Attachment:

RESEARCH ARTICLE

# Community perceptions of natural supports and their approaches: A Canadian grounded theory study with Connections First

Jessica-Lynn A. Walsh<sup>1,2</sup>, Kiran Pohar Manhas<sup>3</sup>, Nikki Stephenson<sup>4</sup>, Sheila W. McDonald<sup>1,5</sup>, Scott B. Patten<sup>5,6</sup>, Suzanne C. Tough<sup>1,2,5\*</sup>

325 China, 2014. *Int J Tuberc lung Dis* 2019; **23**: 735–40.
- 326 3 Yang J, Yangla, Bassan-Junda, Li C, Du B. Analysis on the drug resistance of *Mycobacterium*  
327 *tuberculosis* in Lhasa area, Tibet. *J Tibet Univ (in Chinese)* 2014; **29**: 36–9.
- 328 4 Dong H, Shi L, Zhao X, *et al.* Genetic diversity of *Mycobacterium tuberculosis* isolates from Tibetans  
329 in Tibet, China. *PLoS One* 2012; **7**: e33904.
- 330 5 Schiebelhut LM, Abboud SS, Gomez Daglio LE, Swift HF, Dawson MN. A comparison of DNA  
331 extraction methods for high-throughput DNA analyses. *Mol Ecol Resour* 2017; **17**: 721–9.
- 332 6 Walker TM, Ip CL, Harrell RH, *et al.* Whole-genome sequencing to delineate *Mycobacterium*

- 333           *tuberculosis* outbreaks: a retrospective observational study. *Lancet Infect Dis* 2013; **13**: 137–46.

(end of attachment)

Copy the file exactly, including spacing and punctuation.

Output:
RESEARCH ARTICLE

# Community perceptions of natural supports and their approaches: A Canadian grounded theory study with Connections First

Jessica-Lynn A. Walsh<sup>1,2</sup>, Kiran Pohar Manhas<sup>3</sup>, Nikki Stephenson<sup>4</sup>, Sheila W. McDonald<sup>1,5</sup>, Scott B. Patten<sup>5,6</sup>, Suzanne C. Tough<sup>1,2,5\*</sup>

325 China, 2014. *Int J Tuberc lung Dis* 2019; **23**: 735–40.
- 326 3 Yang J, Yangla, Bassan-Junda, Li C, Du B. Analysis on the drug resistance of *Mycobacterium*  
327 *tuberculosis* in Lhasa area, Tibet. *J Tibet Univ (in Chinese)* 2014; **29**: 36–9.
- 328 4 Dong H, Shi L, Zhao X, *et al.* Genetic diversity of *Mycobacterium tuberculosis* isolates from Tibetans  
329 in Tibet, China. *PLoS One* 2012; **7**: e33904.
- 330 5 Schiebelhut LM, Abboud SS, Gomez Daglio LE, Swift HF, Dawson MN. A comparison of DNA  
331 extraction methods for high-throughput DNA analyses. *Mol Ecol Resour* 2017; **17**: 721–9.
- 332 6 Walker TM, Ip CL, Harrell RH, *et al.* Whole-genome sequencing to delineate *Mycobacterium*

- 333           *tuberculosis* outbreaks: a retrospective observational study. *Lancet Infect Dis* 2013; **13**: 137–46.